N° 30 | March 2018

F&V availability at home

Editorial

Whether the quality and amount of food intake are a private matter or a Public health issue may be debated. It is part of anyone’s freedom to eat what and when he wishes to do so… in theory. There are several reasons why this issue has limits:

  • The natural history of nutrition teaches us that all populations around the world have managed to reach nutritional balance using local resources: starches, sources of nutrients, proteins and fat, fruits and vegetables (F&V)may vary. At the end of the day a balance which has given the better chance of survival has been found. In extreme cases such as in Inuit groups, genetic or epigenetic changes were the price for adaptation.
  • Public health studies such as those reported by Ong in this issue clearly show that health status is improved by an ad hoc consumption of fruit and vegetable.
  • Eating a less than desirable daily amount of F&V is not a voluntary choice but an economical constraint supported by the poorest in Western countries. In pregnant women, there is a double or even triple burden: less ad hoc nutrients available during and after pregnancy, for example during lactation and less opportunity offered to the baby and toddler to integrate these tastes into his eating pattern. This last point is a personal paediatric addition to the excellent work presented by Nunnery.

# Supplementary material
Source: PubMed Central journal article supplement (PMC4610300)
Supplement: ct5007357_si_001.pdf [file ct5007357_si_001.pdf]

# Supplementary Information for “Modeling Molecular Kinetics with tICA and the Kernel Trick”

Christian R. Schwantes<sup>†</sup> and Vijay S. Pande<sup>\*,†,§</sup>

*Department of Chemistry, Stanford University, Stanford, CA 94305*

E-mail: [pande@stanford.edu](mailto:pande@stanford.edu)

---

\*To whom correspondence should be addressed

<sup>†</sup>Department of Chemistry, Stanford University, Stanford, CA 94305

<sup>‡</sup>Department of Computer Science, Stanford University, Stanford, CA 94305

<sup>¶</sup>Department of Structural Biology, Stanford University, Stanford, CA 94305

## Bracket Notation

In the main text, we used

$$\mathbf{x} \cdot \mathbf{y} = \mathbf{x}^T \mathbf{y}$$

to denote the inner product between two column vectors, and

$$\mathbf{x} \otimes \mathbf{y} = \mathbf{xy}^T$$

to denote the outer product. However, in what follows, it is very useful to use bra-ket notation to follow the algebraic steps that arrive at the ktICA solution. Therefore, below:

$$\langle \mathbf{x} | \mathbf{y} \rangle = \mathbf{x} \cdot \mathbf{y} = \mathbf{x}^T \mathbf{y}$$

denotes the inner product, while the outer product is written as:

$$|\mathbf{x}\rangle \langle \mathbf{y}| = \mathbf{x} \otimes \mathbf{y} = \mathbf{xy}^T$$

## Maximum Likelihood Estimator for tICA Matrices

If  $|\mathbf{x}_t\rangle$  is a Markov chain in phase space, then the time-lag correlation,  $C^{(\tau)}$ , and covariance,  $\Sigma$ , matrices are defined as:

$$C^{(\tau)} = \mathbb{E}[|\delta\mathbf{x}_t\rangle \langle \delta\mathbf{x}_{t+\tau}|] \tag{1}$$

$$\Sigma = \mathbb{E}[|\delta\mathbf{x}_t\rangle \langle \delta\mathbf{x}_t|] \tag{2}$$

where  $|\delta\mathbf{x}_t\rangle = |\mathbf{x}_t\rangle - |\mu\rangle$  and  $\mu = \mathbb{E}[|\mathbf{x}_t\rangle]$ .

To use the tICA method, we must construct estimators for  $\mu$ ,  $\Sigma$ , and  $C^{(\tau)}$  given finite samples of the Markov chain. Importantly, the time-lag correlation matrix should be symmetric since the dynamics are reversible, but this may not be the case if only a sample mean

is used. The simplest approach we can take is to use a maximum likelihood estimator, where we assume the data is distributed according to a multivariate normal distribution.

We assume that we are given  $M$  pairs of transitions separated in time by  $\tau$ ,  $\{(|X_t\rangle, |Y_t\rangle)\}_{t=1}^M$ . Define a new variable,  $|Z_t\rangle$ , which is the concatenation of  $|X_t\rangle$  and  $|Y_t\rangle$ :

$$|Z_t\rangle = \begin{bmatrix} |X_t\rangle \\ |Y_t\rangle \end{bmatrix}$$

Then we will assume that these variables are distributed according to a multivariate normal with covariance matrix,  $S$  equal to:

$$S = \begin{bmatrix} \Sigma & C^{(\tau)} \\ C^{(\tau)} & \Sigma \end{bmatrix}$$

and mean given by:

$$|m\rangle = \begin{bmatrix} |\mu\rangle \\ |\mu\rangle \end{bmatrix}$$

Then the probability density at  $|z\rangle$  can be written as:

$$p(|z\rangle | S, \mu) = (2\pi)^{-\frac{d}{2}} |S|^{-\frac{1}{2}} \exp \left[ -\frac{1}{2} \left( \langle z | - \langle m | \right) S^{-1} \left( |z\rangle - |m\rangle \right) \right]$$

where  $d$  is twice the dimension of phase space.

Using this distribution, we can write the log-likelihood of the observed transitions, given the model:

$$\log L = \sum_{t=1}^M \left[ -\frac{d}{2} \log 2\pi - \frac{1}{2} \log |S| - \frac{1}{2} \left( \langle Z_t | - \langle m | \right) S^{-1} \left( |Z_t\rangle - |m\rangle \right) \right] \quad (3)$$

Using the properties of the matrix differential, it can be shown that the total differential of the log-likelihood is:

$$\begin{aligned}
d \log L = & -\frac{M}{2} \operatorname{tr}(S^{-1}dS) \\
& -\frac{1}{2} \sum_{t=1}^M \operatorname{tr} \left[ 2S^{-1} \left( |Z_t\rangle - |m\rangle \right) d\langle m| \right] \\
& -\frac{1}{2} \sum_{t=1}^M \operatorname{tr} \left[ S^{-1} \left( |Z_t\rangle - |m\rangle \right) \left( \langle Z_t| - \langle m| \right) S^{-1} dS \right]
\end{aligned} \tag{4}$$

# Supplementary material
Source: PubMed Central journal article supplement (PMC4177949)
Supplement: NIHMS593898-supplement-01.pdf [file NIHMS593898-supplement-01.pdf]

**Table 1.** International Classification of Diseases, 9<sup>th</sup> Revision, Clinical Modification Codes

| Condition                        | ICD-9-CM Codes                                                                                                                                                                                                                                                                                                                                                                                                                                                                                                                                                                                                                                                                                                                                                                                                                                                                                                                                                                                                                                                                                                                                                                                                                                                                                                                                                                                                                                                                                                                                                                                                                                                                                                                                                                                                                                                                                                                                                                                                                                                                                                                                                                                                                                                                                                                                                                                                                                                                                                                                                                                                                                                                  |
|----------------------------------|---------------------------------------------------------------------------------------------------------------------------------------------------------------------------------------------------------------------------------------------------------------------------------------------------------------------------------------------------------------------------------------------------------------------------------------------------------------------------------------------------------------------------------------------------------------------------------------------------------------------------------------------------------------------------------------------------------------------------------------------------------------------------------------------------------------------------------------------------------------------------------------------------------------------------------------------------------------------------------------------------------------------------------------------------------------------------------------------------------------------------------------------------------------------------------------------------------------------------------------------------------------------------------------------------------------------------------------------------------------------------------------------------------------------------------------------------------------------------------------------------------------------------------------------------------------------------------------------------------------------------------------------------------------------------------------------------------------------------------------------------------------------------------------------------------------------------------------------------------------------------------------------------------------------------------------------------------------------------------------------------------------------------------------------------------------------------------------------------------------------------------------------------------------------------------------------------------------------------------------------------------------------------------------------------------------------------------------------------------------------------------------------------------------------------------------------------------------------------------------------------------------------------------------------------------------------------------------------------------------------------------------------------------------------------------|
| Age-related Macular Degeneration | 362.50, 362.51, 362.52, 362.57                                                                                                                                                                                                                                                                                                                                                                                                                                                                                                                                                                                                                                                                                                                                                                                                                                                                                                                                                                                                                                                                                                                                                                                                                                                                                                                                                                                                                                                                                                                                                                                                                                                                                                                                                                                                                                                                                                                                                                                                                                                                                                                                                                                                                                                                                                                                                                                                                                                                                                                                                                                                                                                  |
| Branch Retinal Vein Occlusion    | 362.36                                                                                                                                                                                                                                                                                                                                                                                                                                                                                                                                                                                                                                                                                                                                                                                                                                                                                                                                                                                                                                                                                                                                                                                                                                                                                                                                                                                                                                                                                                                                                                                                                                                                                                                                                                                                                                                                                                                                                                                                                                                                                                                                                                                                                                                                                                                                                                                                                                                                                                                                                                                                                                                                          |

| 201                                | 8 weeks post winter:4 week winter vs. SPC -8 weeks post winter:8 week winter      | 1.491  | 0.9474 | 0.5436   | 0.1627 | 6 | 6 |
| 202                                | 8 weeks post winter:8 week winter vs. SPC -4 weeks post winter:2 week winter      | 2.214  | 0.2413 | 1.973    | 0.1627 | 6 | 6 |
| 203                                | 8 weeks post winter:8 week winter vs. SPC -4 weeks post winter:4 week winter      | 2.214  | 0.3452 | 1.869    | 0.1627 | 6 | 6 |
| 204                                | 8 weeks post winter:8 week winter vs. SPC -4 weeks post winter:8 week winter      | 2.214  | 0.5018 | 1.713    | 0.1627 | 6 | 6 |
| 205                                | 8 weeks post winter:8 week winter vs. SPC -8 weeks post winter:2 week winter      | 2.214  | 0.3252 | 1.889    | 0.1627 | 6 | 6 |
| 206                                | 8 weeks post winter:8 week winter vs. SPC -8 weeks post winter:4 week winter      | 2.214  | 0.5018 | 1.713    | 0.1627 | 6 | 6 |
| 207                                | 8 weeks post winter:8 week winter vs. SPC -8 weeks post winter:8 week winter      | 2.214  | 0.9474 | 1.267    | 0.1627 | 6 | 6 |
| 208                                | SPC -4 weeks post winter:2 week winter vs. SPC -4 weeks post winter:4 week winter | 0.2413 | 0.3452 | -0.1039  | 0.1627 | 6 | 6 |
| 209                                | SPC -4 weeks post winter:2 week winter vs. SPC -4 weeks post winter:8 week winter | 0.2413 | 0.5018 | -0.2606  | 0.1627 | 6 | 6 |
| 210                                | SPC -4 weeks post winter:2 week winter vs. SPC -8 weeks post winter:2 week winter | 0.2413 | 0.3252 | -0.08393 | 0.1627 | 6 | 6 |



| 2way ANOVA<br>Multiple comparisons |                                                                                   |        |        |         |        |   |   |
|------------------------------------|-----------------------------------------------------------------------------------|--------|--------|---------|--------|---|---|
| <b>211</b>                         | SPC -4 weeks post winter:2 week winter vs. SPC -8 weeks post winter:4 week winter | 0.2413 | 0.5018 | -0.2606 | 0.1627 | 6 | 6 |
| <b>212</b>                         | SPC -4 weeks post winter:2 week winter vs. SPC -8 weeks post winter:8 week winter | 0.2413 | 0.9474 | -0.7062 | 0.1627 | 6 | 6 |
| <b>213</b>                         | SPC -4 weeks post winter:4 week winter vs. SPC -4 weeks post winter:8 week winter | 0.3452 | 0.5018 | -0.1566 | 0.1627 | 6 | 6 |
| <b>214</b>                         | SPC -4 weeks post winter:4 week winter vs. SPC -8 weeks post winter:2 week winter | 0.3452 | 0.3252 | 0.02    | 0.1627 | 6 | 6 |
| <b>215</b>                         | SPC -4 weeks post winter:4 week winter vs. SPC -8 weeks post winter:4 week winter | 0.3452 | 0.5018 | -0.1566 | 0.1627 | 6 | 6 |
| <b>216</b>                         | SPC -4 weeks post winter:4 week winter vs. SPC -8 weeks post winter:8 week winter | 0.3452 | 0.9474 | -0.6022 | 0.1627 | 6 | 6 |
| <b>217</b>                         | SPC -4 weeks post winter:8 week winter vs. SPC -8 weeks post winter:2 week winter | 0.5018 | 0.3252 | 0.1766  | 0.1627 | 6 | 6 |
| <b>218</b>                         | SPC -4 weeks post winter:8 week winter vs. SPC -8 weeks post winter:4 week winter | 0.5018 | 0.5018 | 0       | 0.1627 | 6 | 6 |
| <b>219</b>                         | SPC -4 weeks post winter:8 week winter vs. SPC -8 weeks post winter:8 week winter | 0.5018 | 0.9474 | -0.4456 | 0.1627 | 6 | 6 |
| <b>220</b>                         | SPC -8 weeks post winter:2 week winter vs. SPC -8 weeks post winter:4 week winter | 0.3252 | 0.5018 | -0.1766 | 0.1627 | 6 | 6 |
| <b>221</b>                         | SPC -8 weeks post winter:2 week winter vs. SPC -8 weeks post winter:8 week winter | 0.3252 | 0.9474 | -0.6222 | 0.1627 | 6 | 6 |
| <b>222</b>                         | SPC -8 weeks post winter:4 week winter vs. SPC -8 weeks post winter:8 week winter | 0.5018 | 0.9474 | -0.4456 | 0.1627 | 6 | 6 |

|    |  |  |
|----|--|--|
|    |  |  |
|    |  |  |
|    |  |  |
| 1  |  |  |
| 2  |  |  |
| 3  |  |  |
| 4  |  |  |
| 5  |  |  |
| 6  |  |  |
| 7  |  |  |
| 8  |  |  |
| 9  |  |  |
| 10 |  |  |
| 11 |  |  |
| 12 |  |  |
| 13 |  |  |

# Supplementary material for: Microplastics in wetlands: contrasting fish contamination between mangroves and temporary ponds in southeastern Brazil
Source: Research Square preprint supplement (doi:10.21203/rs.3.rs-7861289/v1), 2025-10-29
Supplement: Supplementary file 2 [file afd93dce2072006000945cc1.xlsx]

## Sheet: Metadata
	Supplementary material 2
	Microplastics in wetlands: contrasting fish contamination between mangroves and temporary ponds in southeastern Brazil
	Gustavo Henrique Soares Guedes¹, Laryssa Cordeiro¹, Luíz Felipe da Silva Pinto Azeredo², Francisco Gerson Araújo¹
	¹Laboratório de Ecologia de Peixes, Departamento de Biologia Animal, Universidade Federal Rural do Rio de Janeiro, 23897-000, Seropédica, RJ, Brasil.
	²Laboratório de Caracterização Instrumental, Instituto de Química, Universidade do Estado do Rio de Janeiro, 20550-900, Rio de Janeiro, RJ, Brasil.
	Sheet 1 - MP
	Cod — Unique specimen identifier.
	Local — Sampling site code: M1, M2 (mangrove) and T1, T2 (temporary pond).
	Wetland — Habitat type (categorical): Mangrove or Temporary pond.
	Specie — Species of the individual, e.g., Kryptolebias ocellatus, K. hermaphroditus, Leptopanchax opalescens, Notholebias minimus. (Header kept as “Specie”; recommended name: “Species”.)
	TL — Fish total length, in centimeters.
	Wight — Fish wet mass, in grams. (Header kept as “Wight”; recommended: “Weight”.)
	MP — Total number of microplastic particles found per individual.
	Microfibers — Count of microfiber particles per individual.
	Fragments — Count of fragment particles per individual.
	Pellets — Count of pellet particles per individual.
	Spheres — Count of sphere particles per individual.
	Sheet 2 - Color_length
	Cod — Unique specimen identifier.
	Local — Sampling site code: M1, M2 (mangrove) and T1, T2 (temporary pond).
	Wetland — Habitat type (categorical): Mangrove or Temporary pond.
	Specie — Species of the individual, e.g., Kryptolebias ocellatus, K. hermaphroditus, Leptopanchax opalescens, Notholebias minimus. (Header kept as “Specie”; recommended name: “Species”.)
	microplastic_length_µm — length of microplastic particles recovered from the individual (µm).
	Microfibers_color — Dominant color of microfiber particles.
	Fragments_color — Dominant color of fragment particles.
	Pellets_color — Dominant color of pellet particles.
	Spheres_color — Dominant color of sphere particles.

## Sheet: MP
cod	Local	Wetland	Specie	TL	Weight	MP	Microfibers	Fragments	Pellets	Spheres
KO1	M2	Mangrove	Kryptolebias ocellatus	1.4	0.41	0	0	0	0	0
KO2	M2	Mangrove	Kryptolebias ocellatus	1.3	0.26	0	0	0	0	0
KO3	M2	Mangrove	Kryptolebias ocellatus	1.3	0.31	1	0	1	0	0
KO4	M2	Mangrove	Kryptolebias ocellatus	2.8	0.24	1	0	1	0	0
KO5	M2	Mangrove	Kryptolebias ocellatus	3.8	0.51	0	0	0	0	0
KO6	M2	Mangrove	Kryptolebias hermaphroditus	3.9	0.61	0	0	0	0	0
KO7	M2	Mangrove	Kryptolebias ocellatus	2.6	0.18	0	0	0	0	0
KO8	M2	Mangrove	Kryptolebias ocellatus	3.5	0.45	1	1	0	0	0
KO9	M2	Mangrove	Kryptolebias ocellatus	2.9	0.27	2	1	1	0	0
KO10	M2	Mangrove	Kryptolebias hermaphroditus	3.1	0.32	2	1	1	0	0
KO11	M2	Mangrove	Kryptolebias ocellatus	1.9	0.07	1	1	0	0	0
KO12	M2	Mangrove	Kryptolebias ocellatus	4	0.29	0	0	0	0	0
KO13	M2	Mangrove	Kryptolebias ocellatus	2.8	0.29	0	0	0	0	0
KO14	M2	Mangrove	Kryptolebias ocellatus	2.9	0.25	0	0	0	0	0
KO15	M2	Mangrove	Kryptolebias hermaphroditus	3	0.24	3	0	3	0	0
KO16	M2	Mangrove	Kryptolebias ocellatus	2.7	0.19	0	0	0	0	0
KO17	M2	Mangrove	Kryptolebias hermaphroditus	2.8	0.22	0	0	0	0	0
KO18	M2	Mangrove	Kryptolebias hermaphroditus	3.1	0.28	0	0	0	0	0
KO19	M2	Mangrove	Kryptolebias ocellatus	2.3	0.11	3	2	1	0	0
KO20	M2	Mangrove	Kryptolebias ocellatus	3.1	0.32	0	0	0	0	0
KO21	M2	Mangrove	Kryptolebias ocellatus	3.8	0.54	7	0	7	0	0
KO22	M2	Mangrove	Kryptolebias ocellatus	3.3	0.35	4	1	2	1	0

• In countries where children get an opportunity to choose what they want to eat, education plays a key role. Uneducated children will prefer starchy and fatty foods and be left with narrow spontaneous food choices, typical of the high cardiovascular, obesity and cancer risk diet profiles. Padilla reminds us clearly of this evidence.

Fruit and vegetable consumption have to be supported: adults and especially parents have to know about their benefits and the mandatory role of education in the eating pattern of young children. In low income population, Public health action should allow F&V sustainability, especially during pregnancy and childhood.
The decision of eating or not F&V cannot be considered as a voluntary issue in the absence of information, education and availability.

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